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  1. Happy New Year Everyone! Cheers to old friends and new!
  2. Mike, I might not say ‘cold’ but precooked to the point that it is more of a pigment than a resin. Although it doesn’t behave like a pigment because it will fully dissolve in hot varnish or hot rosin or acetone. I dunno what you would call it in a technical sense
  3. Jim I think your sample looks good. Of course what goes under it will make a difference like you say. From reading Hargrave's recipe for making varnish I was always left with the impression that his long slow resin cook is the resin component of the whole varnish. In other words he is not adding the darkened resin to an already made varnish. I just now realized that he was adding this dark resin to the already made 'boring' varnish that he described earlier. And that is how Joe taught us.
  4. Jim, thanks. We are doing the same thing pretty much then. The only difference is I add my dark rosin in powder form directly into the first cook, (sprinkle it in slowly) instead of blending it with oil first. it dissolves completely into the varnish. It can make a very dark and thick varnish so it needs some oil added at the end of the cook. I tried mulling the dark powdered rosin in oil like Joe's but mine wouldn't dissolve into the varnish cook. I mulled it in raw oil and left it for a day (sealed) and it basically dried like rubber almost. I think I might try your way of melting oil into the dark rosin at the end of it's cook. Is that how you did it? While the dark rosin is still hot? I know after I have cooked the rosin down to darken it, I can't get it out of the pot before it hardens mostly so I scrape it out after it cools. It's very brittle. It looks like it is burnt but it will completely dissolve in acetone or hot varnish.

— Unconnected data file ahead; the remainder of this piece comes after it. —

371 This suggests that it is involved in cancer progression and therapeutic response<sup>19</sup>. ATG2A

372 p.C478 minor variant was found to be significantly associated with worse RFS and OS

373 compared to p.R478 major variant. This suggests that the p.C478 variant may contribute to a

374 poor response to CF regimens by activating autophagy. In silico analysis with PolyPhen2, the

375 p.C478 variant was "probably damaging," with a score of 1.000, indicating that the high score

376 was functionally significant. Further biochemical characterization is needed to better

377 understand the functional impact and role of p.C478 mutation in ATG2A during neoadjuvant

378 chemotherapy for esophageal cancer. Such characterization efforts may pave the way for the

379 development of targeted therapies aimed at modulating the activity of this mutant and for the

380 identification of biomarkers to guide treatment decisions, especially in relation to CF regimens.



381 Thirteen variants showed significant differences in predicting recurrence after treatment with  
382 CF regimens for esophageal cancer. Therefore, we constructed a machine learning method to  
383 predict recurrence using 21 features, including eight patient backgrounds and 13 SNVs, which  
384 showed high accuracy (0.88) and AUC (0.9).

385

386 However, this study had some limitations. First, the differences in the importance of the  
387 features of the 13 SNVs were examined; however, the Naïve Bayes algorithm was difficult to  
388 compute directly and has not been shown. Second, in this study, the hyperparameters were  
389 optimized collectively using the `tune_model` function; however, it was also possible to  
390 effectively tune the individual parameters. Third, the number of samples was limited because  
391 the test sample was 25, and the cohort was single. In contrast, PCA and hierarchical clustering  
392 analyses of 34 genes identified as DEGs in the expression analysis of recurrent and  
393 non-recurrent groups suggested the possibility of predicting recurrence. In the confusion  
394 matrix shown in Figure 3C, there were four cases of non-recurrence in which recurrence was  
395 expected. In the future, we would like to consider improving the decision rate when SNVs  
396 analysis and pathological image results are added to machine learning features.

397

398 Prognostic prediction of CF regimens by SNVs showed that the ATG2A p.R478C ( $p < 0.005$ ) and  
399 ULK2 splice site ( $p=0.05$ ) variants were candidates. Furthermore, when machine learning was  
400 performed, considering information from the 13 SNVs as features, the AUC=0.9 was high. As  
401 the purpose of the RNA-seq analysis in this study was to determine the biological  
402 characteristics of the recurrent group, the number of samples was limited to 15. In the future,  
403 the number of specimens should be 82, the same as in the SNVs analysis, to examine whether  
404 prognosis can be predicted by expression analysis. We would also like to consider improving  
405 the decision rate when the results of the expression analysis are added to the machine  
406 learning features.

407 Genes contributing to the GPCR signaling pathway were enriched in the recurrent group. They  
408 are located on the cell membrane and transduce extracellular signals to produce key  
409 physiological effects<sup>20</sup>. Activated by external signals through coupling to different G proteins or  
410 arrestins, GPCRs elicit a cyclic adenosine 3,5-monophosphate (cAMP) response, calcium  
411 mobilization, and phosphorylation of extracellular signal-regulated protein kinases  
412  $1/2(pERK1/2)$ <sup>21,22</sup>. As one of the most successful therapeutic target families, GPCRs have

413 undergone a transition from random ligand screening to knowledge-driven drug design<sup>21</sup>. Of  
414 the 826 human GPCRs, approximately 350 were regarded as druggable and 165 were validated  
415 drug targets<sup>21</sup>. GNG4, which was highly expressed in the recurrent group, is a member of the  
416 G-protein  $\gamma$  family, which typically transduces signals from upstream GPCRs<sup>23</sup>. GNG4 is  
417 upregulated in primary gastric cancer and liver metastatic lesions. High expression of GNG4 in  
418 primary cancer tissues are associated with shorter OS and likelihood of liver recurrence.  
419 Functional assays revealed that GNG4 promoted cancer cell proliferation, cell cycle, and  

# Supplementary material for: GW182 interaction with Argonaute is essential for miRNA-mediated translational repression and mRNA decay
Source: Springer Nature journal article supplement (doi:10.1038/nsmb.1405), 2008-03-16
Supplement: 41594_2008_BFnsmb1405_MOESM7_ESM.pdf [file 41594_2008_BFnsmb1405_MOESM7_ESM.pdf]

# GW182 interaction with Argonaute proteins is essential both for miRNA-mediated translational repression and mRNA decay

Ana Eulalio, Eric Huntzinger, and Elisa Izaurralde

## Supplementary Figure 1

5. Thanks Jim. Just to be sure of your process, you melt the darkened rosin with oil at 200c then add that to the first cook of rosin and oil (which is not nearly as dark). And the first cook is hot when you add the dark rosin oil cook? If I have that right, when your final varnish cools and is too thick, you then thin it with raw oil?
  6. If I understand correctly you cook a varnish , 50:45:5 , which is not very dark. Mastic added at the end of the cook at a lower heat than the rosin/ oil cook. To that you make 50:50 raw oil and very well cooked rosin ( mulled together ?). That basically looks like black paint right? Then you add that 2 parts to 1 part previously cooked varnish. And it is added under heat at 100c., right ?
  7. Jim, what is the ratio of oil to resin? And is that all the varnish ingredients?
  8. I agree with you about taking note of the inflection point on the arching. I see it as a helpful way to define or reproduce the overall arching scheme.
  9. If I understand your drawing correctly, the arc going from the lower bout to the upper bout is the inflection point, right? I have observed and mapped the inflection points on some good instruments and they are not similar to your drawing at all. I have to ask, have you mapped the inflection points on good instruments and seen anything like what your plan shows?
  10. I would disagree. Using electric (or flame, but I wouldn't) thin metal will have some very hot spots and thicker metal will be considerably more even.
  11. I have been using it as a ground, one coat, really thin, it is indestructible. Make a paste with fumed silica, rub it on, wipe it off well until nothing shows on a rag, rub it with chalk, rub that off well and the instrument will look burnished almost and is practically dry at that point. It does need UV to cure though. The instrument will be sealed 100%, then you can put other really dark varnishes on. The sealing effect will happen with other oil varnishes too, it is the technique, rather that that particular varnish.
  12. An asparagus pot works well, I use this one;
  13. Put the fiddle in a box with a tray of ammonia and fume it for some hours or days.